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Presidential Candidates’ Microphones to Be Muted in Parts of Final Debate

WASHINGTON—The presidential candidates’ microphones will be muted during parts of their final debate Thursday as organizers seek to limit the interruptions and crosstalk that marked their previous meeting.

The nonpartisan Commission on Presidential Debates on Monday announced a plan for the debate, which will be divided into six segments, each with a different topic. President Trump and Democratic presidential nominee Joe Biden will be silenced while their opponent gives a two-minute opening statement at the start of each 15-minute segment. During the rest of the discussion in each block, the microphones will be open.

After the first debate on Sept. 29 was marred by frequent interruptions, mostly by Mr. Trump, the Commission said it would consider changes. In a statement Monday, it said that neither campaign may be fully satisfied with the plans.

“One may think they go too far, and one may think they do not go far enough,” the statement said. “We are comfortable that these actions strike the right balance and that they are in the interest of the American people, for whom these debates are held.”

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The debate in Nashville, Tenn. will be the final meeting of the two candidates before Election Day. It will be moderated by NBC’s Kristen Welker. It was expected to be the third debate, but the second debate, scheduled for Oct. 15, was canceled when Mr. Trump refused to agree to a virtual debate after he contracted Covid-19.

Trump campaign manager Bill Stepien said in a statement that Mr. Trump “is committed to debating Joe Biden regardless of last minute rule changes from the biased commission.”

In a letter to the Commission earlier in the day, Mr. Stepien criticized possible rule changes including silencing microphones, saying it “is completely unacceptable for anyone to wield such power.” He also said earlier in the day that the debate was supposed to have a foreign policy focus and asked for a change in topics. The Commission said that wasn’t the case.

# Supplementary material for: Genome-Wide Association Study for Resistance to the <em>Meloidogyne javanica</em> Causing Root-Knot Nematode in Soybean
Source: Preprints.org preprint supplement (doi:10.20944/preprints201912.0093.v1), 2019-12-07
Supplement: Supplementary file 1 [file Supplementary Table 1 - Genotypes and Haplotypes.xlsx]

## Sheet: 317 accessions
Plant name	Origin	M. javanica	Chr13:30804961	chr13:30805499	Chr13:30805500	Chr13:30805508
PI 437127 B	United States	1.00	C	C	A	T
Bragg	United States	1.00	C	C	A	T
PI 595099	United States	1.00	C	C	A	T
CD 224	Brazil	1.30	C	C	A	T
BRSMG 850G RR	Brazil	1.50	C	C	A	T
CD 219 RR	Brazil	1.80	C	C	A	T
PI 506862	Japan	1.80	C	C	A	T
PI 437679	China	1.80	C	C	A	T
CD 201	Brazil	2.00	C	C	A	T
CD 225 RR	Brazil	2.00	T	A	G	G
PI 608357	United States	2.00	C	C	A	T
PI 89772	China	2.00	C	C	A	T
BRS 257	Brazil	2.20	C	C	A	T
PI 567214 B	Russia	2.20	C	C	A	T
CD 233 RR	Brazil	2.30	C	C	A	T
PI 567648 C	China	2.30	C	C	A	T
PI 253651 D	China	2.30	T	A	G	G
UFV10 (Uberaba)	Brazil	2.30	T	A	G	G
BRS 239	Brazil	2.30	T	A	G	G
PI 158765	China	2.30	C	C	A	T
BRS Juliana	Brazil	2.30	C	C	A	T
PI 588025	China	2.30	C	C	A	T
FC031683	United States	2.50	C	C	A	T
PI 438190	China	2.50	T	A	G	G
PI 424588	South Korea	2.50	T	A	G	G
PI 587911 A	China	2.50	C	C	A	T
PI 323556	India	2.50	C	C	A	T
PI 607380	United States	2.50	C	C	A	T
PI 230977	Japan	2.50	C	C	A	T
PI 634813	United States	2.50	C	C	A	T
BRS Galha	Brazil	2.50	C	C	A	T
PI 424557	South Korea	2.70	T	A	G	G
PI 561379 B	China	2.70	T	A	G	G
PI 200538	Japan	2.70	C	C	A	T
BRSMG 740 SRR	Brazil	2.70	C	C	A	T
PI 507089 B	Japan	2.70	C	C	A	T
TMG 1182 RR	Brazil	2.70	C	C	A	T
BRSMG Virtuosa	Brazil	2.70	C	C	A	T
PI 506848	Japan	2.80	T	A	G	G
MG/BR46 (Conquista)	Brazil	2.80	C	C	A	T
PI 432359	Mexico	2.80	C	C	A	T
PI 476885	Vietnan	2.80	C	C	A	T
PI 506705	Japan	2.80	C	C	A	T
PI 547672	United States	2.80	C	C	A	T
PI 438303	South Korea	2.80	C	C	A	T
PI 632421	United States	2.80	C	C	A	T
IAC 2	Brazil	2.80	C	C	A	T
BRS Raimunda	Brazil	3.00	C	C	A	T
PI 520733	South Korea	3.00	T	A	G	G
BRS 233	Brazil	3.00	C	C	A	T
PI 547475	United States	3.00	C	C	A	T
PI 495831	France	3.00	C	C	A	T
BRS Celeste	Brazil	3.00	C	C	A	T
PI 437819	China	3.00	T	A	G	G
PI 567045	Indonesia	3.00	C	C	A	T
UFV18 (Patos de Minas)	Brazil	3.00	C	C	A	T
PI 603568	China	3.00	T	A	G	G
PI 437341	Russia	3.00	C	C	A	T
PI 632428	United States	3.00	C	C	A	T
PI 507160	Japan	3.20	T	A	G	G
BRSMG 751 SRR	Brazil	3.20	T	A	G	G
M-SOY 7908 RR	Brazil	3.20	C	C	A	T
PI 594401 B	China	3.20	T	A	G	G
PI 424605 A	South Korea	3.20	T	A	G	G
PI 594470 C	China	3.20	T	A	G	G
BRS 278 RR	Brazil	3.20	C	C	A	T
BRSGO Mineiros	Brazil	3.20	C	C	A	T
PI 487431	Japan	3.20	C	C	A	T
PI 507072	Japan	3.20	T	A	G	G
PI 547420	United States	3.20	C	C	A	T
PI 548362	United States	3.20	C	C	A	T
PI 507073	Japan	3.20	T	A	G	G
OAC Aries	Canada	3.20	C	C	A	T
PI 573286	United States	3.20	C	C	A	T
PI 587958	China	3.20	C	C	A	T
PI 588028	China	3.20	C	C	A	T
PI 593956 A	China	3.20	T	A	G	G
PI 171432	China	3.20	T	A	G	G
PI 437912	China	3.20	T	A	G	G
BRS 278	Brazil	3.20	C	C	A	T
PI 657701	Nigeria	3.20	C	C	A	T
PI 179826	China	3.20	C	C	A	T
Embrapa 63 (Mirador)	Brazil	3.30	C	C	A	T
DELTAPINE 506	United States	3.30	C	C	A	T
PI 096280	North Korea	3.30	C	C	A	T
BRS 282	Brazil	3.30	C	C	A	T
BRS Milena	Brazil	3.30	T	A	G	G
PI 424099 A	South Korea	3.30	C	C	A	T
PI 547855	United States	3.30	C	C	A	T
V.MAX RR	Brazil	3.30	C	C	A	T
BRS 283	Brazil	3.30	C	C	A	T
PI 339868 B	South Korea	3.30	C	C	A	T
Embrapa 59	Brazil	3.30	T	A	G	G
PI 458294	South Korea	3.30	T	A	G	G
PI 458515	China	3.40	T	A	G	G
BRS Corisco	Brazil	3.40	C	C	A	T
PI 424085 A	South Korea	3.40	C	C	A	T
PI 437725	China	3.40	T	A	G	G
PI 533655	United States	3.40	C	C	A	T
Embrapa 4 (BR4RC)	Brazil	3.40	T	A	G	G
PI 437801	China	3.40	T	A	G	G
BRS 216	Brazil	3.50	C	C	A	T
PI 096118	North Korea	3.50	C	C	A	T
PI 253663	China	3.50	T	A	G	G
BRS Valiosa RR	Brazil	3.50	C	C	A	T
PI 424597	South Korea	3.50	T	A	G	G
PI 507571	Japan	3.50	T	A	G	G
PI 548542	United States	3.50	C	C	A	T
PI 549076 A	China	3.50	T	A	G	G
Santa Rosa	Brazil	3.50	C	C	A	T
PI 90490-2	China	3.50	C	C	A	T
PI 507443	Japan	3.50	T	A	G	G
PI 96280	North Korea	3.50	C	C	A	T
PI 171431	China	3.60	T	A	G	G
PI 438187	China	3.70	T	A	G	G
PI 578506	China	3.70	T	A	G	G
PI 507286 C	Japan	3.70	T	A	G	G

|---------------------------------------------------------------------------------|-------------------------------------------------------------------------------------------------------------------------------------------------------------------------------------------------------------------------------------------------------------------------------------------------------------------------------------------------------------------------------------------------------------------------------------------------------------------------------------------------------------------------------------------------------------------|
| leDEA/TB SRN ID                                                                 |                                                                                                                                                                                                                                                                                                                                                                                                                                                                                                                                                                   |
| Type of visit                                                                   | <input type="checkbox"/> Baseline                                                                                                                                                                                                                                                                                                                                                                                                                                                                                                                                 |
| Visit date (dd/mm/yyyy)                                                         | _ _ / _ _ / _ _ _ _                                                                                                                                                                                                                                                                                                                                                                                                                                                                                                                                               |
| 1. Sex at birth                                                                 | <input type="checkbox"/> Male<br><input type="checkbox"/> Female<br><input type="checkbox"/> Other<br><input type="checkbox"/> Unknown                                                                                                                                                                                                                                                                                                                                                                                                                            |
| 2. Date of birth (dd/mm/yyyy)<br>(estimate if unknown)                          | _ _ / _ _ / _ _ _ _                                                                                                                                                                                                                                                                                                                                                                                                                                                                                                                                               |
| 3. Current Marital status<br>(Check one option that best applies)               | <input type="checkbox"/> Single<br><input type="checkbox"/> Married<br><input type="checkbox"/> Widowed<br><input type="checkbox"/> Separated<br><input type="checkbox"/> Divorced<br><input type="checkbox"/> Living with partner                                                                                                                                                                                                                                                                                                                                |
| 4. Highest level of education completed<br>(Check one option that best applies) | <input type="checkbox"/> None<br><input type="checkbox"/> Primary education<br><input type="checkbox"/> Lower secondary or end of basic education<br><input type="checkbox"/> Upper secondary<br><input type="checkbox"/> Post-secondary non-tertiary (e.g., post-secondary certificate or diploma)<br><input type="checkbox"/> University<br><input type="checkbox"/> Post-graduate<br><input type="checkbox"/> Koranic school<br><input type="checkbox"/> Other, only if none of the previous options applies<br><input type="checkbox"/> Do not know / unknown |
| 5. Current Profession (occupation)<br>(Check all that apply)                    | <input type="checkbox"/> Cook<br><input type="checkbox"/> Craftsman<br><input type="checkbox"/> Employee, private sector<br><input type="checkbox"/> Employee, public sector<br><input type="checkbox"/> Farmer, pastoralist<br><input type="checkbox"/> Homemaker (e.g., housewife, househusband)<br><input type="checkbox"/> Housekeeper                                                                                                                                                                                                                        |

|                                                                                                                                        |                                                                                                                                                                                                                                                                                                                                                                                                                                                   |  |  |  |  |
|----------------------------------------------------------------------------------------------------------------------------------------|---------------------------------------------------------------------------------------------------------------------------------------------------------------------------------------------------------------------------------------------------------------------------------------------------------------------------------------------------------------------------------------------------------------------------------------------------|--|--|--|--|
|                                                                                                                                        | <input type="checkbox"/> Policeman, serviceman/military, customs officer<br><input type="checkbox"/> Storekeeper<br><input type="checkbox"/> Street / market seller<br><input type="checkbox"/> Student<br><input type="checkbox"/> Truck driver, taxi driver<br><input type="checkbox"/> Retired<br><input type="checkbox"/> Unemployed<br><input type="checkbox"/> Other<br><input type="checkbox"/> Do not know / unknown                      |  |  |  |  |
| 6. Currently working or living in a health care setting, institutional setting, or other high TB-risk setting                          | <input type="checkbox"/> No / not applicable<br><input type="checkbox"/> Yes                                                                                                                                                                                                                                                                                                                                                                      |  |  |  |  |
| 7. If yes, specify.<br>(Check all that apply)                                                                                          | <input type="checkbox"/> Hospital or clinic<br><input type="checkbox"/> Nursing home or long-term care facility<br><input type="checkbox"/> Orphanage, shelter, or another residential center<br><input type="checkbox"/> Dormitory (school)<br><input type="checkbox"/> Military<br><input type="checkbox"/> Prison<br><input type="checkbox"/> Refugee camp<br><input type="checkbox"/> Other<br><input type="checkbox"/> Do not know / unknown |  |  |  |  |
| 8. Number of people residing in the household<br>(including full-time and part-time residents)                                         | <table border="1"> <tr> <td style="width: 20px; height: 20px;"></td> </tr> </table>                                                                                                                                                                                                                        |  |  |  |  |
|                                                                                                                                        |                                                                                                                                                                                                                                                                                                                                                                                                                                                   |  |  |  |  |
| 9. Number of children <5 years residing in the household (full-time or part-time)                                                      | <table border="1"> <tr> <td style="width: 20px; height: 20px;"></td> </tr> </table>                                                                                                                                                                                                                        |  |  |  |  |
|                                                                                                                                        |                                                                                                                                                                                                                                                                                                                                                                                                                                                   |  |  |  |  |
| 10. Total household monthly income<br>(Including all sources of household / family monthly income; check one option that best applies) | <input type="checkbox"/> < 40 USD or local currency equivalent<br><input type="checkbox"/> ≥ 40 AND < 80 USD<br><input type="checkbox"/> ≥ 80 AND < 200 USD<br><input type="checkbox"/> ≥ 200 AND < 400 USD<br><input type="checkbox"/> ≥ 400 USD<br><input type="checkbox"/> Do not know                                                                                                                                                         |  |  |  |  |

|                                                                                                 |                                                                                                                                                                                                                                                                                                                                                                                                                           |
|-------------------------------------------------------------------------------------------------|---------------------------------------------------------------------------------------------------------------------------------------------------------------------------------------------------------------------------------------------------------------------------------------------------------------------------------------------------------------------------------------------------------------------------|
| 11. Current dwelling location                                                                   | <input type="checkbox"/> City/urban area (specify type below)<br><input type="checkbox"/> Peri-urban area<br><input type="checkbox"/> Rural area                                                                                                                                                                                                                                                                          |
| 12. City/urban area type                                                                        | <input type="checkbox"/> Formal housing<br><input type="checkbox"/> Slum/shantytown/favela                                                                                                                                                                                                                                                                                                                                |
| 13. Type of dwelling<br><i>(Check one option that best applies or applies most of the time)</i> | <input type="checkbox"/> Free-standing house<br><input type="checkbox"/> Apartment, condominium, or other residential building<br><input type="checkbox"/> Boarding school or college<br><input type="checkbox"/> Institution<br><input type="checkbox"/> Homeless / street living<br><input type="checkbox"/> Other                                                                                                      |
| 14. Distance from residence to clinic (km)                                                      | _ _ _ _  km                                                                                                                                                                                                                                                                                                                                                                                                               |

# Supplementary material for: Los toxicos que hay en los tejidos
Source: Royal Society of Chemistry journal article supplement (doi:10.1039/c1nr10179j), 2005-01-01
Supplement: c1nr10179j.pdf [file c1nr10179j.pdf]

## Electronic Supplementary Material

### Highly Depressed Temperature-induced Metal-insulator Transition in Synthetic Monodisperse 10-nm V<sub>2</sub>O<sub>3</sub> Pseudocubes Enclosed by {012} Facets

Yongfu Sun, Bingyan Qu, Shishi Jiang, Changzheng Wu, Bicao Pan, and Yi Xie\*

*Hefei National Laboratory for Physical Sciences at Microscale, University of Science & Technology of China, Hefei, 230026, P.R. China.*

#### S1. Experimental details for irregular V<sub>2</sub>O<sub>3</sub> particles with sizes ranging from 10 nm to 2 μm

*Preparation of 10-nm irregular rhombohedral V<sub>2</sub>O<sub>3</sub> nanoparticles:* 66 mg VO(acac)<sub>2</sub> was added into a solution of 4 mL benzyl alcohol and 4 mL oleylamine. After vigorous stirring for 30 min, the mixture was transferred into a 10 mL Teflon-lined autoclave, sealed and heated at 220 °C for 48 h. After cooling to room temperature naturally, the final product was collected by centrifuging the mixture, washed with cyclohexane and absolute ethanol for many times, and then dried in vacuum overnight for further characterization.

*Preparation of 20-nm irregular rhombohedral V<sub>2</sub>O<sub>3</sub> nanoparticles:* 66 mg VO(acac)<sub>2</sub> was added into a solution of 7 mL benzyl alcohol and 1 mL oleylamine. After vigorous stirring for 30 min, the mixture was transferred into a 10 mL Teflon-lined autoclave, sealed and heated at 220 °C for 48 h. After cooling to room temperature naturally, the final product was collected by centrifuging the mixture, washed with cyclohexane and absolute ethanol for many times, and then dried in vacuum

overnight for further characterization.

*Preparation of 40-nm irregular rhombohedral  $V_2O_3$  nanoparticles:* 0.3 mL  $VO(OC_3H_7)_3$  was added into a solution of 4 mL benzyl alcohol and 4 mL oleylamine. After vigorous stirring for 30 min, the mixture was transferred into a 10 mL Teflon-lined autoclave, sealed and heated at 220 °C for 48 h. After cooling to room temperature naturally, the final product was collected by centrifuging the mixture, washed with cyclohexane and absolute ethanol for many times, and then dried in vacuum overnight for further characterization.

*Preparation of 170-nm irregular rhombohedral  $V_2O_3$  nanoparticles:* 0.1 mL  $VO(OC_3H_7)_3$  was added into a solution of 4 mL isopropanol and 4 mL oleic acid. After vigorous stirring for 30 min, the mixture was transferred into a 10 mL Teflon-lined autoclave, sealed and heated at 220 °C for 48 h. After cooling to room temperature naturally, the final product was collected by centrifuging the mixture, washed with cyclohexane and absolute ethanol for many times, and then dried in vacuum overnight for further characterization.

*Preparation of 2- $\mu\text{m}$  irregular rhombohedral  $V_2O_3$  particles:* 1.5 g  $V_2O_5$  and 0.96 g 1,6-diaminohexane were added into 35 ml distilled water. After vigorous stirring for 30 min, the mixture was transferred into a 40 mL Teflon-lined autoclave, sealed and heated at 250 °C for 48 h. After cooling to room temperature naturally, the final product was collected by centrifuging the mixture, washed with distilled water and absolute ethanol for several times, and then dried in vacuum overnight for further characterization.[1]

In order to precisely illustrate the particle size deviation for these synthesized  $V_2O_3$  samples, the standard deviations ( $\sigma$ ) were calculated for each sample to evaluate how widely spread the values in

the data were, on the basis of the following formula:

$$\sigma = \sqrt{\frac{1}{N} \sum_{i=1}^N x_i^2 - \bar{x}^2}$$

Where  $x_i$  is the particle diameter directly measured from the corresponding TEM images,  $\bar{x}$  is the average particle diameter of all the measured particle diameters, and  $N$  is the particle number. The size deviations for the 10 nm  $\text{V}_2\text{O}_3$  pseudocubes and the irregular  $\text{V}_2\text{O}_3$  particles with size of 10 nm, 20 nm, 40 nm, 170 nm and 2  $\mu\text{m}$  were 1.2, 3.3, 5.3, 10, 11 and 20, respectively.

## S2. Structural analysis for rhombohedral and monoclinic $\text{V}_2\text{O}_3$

Biden campaign spokesman T.J. Ducklo said in a statement that the “campaigns and the Commission agreed months ago that the debate moderator would choose the topics,” adding that the president didn’t want to “face more questions about his disastrous COVID response.”

Mr. Trump is seeking to close a polling gap with Mr. Biden in the final days of the race. He expressed confidence about his chances Monday on a conference call with campaign aides that included reporters. In that call, he renewed his criticism of Dr. Anthony Fauci, the nation’s top infectious-disease expert, as deaths from Covid-19 approach 220,000.

President Trump with Dr. Anthony Fauci, director of the National Institute of Allergy and Infectious Diseases, on April 17.

PHOTO: ALEX BRANDON/ASSOCIATED PRESS

Mr. Trump called Dr. Fauci “a disaster” and said the nation’s death toll from Covid-19 would be far higher had he relied on advice from the doctor, who has urged administration officials to rely on the guidance from public-health experts on how to safely reopen the economy and bring the pandemic under control.

“People are tired of hearing Fauci and all these idiots,” Mr. Trump said, adding that Dr. Fauci, who has served under six administrations, was a nice guy but also a mess. “He’s been here for 500 years.”

More than 219,000 Americans have died from the coronavirus so far this year. A majority of Americans have said they disapprove of Mr. Trump’s handling of the pandemic, according to seven consecutive Wall Street Journal/NBC News polls.

The federal response to the coronavirus pandemic has become a central issue in the election.

“Every time he goes on television there’s always a bomb, but there’s a bigger bomb if you fire him,” Mr. Trump said about Dr. Fauci.